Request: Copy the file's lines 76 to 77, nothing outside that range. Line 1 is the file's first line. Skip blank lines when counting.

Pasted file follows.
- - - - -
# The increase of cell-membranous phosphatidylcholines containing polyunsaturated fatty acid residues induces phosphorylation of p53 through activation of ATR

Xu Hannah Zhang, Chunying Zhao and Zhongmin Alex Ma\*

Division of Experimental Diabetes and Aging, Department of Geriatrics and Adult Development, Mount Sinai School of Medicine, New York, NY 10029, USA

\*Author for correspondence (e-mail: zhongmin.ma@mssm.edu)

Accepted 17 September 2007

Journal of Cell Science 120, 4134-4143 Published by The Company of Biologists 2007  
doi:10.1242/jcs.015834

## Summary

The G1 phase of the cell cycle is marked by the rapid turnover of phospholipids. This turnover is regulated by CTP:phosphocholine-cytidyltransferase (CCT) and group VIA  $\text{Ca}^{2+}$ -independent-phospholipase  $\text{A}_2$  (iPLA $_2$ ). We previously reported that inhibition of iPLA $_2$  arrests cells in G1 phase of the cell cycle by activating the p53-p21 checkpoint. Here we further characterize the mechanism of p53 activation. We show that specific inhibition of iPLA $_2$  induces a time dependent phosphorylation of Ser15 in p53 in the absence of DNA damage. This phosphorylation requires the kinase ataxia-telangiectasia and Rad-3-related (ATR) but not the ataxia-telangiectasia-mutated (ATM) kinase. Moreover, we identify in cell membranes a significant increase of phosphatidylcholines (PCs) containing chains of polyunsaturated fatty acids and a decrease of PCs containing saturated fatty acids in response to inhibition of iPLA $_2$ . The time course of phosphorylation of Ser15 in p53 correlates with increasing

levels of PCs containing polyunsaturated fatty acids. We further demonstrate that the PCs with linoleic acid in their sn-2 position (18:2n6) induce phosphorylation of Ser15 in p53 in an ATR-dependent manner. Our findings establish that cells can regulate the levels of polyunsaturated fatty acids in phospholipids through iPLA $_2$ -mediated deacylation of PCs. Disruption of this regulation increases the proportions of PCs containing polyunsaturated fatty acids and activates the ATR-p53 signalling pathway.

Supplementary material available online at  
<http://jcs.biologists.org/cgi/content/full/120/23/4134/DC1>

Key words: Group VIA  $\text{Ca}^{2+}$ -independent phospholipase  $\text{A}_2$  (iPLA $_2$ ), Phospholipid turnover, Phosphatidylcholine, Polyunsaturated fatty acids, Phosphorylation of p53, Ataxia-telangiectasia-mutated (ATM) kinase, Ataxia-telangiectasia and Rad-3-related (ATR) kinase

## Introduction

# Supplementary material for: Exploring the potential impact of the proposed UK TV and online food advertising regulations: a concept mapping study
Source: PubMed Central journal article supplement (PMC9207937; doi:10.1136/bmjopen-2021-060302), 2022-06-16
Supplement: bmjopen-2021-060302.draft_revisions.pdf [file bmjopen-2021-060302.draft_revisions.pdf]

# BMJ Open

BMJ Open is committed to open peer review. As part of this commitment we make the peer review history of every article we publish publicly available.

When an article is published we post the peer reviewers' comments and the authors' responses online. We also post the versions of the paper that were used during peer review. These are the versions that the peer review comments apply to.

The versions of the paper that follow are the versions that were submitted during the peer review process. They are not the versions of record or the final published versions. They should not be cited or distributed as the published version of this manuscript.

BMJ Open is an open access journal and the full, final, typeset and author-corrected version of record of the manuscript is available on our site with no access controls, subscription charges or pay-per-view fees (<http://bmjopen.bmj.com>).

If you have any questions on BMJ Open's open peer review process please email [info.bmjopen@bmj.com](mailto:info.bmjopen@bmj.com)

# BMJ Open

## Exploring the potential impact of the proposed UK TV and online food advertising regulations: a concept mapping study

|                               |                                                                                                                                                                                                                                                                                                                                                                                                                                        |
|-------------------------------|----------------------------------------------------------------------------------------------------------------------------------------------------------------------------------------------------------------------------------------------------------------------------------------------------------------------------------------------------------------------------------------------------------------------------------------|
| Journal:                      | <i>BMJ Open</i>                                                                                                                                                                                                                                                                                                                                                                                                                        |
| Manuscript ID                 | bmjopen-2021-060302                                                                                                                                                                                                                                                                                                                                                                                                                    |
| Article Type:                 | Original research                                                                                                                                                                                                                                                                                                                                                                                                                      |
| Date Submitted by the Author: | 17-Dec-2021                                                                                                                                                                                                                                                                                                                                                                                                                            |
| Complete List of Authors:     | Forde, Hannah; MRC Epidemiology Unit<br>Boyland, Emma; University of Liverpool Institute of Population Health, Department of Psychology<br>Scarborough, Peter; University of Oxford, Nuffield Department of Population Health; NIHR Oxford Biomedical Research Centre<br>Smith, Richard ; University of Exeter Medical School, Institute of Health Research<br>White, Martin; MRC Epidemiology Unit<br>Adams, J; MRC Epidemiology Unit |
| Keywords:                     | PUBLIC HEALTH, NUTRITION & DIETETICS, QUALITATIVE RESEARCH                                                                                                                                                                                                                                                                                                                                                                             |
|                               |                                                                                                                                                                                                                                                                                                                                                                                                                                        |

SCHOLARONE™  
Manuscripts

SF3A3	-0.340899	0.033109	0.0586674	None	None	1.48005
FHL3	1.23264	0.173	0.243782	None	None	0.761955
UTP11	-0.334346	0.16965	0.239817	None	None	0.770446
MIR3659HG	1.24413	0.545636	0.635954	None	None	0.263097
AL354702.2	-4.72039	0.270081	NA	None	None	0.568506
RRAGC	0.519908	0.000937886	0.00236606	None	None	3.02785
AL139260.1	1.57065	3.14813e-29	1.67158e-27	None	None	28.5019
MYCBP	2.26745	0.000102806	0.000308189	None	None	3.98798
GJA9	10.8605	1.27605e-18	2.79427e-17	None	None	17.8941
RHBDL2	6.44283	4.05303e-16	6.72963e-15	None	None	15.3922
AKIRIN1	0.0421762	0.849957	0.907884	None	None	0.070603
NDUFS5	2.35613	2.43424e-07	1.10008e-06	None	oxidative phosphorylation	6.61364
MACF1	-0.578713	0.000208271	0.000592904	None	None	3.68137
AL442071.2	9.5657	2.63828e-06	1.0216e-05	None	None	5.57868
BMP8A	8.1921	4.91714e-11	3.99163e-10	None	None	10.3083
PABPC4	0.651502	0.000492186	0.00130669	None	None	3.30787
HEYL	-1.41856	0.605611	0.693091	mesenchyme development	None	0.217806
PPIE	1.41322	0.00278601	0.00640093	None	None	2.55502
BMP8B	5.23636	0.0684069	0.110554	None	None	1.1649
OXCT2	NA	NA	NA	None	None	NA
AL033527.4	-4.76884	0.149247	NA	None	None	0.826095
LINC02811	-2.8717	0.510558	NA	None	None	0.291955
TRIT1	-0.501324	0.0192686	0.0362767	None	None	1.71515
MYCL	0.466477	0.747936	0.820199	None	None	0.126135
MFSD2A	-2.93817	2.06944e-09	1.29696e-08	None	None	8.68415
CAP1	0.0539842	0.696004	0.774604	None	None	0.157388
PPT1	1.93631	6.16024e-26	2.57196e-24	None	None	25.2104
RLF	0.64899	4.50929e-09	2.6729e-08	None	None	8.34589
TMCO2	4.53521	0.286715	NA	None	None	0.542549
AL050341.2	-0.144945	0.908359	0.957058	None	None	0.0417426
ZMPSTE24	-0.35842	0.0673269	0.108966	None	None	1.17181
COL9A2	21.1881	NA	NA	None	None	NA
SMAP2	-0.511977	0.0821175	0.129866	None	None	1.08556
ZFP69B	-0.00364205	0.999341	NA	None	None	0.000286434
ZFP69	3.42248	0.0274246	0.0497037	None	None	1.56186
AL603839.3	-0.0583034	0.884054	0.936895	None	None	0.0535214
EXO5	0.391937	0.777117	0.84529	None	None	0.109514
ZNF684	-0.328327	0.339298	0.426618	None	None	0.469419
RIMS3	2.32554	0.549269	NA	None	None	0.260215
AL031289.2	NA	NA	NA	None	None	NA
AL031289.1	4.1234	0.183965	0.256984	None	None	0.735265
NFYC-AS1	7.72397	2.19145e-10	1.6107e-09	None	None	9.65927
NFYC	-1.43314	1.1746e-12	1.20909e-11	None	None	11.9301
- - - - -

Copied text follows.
AL031289.2	NA	NA	NA	None	None	NA
AL031289.1	4.1234	0.183965	0.256984	None	None	0.735265